Déjà Vu Continues to Elude Scientists

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Have you ever walked into a situation where you feel like it’s happened before? You’re certain it has, but you’re not quite sure when or how it became so familiar?

Déjà vu – the uncanny feeling in your gut that you’ve experienced a situation before – has eluded and stumped scientists for an explanation for a long time. Scientists continue to study it, but can only resort to making good guesses on memory models.

Anne Cleary, cognitive psychologist at Colorado State University and several colleagues wanted to see if virtual reality may be able to induce and replicate the same déjà vu feeling onto test subjects. The scientists had college students come in and immerse themselves into a 3-D Virtual-reality world. This “Deja ville” was a village of structures constructed off of the game Sims 2 which featured places of interest, in which some of them had identical layouts. For example, chairs and pieces of artwork may be in the same arrangement in a museum as it is in a bar.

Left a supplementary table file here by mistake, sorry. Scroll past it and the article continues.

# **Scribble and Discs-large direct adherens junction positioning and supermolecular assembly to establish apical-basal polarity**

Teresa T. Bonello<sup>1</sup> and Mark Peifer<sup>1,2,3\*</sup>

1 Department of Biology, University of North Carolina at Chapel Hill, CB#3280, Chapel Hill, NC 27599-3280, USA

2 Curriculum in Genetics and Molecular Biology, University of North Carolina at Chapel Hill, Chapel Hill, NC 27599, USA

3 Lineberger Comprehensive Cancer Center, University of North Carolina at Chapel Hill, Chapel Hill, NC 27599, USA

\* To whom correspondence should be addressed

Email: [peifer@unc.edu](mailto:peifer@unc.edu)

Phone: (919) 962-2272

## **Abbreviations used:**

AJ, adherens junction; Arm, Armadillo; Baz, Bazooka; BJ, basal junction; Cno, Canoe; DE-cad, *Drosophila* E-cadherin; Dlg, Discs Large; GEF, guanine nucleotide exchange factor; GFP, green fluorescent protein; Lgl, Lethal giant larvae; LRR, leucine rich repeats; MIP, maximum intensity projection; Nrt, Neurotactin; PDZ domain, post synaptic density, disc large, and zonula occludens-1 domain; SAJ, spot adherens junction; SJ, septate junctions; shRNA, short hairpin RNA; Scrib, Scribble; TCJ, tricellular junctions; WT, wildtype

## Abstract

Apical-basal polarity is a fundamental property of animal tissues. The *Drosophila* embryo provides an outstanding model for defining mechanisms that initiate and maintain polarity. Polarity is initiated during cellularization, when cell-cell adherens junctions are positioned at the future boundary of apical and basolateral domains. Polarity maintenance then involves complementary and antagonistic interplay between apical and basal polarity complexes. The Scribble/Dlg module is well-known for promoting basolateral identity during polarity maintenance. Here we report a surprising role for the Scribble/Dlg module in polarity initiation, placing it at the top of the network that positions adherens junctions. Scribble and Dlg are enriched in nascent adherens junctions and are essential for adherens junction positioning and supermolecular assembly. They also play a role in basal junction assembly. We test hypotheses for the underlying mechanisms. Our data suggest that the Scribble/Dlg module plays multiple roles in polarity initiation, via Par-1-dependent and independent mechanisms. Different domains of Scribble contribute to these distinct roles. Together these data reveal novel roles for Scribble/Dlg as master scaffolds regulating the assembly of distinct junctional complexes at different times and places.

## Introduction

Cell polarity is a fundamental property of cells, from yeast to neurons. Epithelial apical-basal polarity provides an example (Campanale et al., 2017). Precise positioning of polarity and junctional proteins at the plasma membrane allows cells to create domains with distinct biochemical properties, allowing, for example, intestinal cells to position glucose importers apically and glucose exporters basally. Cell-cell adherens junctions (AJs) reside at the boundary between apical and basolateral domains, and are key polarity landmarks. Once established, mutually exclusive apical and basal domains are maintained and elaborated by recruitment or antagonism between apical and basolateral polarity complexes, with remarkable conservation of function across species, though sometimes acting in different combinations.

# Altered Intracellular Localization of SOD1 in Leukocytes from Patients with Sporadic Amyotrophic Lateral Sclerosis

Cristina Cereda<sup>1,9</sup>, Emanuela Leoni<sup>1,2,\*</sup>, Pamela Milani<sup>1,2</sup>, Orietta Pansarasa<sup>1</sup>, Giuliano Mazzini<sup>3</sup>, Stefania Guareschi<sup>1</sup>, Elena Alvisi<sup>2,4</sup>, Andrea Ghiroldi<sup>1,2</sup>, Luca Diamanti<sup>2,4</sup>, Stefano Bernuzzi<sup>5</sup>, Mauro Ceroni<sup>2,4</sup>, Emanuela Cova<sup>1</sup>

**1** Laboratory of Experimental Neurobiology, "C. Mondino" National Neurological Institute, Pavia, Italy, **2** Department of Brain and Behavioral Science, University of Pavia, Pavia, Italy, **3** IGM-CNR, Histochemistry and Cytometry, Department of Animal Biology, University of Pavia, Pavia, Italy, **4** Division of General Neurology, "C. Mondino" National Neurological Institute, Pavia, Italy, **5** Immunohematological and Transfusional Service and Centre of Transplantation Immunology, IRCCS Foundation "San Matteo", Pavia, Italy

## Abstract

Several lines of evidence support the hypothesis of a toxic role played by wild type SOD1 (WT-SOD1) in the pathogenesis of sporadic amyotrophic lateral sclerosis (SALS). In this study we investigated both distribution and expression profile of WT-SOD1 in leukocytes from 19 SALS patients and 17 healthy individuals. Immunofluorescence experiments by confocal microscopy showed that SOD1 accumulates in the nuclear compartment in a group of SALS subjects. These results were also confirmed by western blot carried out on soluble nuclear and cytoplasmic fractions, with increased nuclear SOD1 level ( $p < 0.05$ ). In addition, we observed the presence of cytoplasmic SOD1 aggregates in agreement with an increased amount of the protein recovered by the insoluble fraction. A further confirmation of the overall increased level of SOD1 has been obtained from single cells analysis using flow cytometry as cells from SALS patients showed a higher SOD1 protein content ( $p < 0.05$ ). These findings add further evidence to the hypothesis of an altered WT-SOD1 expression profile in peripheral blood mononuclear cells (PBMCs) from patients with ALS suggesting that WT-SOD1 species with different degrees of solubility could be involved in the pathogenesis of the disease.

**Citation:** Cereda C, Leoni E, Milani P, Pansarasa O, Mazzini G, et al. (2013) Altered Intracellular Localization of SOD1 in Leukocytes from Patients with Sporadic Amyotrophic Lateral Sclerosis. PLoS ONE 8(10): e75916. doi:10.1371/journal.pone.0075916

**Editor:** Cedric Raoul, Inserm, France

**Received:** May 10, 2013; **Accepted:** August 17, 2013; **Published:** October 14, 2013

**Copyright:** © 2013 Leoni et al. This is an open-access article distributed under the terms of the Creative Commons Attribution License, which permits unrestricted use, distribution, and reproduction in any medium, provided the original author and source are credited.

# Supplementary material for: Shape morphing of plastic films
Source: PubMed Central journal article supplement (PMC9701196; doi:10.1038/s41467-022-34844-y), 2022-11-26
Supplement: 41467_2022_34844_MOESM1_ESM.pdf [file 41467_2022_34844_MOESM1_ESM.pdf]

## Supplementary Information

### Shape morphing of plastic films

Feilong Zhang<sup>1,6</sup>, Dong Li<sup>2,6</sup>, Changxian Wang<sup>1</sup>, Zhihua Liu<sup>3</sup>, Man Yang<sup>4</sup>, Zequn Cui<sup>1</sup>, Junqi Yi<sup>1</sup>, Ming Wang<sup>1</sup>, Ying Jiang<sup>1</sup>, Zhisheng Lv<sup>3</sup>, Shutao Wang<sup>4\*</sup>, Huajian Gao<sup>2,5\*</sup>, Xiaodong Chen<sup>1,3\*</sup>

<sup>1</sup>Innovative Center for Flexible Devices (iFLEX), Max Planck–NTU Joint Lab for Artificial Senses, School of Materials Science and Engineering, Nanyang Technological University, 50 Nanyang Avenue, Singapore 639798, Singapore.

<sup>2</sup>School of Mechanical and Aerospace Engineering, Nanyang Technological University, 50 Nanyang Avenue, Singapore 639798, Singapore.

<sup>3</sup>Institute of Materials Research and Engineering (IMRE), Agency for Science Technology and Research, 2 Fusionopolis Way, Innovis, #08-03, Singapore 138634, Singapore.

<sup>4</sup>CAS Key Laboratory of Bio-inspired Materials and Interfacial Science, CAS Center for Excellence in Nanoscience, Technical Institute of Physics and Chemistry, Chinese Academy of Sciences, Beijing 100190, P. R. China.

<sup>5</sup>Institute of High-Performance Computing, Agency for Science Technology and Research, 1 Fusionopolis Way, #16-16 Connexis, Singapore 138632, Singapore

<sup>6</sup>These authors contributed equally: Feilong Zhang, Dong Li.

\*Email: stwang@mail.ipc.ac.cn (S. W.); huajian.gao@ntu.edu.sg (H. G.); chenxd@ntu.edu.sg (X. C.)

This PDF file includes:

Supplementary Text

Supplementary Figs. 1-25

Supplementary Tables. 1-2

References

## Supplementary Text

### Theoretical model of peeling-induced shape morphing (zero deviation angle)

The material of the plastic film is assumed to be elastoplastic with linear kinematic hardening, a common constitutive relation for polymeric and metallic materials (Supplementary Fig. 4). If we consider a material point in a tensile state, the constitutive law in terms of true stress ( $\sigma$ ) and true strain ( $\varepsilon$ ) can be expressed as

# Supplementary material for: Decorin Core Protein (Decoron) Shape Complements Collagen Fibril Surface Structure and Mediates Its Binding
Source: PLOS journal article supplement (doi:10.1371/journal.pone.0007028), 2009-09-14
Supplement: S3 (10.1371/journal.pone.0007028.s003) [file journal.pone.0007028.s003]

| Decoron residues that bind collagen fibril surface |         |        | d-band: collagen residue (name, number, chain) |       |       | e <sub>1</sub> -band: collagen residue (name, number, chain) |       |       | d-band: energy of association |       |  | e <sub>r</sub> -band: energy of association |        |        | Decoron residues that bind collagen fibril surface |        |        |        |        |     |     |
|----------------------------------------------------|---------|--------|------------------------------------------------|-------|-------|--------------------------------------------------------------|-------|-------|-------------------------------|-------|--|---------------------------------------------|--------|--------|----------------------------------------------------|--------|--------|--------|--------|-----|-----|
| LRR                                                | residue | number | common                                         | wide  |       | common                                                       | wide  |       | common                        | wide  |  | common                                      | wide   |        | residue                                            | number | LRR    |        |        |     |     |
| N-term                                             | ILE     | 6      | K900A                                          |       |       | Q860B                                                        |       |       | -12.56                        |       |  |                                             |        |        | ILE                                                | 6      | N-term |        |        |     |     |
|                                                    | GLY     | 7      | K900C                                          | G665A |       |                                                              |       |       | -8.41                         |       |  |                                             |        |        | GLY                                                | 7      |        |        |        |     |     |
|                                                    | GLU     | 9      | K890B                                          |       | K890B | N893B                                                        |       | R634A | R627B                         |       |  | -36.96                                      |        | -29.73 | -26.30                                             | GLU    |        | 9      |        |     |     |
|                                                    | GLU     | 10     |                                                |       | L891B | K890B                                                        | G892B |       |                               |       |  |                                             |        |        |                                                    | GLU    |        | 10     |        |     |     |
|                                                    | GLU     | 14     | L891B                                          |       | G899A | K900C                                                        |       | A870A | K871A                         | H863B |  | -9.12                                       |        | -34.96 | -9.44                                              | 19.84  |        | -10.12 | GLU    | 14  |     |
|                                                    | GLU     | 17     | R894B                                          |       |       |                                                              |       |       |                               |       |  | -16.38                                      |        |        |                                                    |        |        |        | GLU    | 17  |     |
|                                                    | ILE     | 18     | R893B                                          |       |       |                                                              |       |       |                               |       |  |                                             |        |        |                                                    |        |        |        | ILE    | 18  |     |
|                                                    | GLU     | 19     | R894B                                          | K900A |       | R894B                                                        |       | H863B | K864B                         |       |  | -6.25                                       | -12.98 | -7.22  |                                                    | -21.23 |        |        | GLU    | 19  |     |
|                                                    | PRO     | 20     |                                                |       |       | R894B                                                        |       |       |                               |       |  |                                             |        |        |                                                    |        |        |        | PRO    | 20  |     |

The results gathered showed that déjà vu occurred most frequently when newly discovered points of interest were similar to previously explored ones. The experience was most common when these new and old scenes were similar in spatial layout, although not similar enough to be noticed at a first glance.

“The confusing combination between a sense of newness, yet also one of familiarity and recollection may be a reason behind why déjà vu is as perplexingly weird as it is. Something that is unfamiliar should not at the same time also feel familiar.”
Anne Cleary, Cognitive Psychologist
Colorado State University

There are so many different theories that explain the déjà vu phenomena, yet none of them have been proven significant over another. One theory explains that it might be that a person wasn’t paying attention, or was distracted during a scene, that makes detail much more difficult to recall. Another theory states that it might not even be the scene, but a unique item that seems familiar that causes the phenomenon to occur.

What’s clearly obvious when dealing with occurrences of déjà vu, is that it all happens in the brain and has a lot to do with memory. It’s a phenomenon that everyone has experienced – but is much more difficult to isolate when testing. There are just so many factors that could contribute to the experience. Whether or not this proves their theories right, at least for Anne Cleary and her colleagues, it is not just simply “a glitch in the matrix.”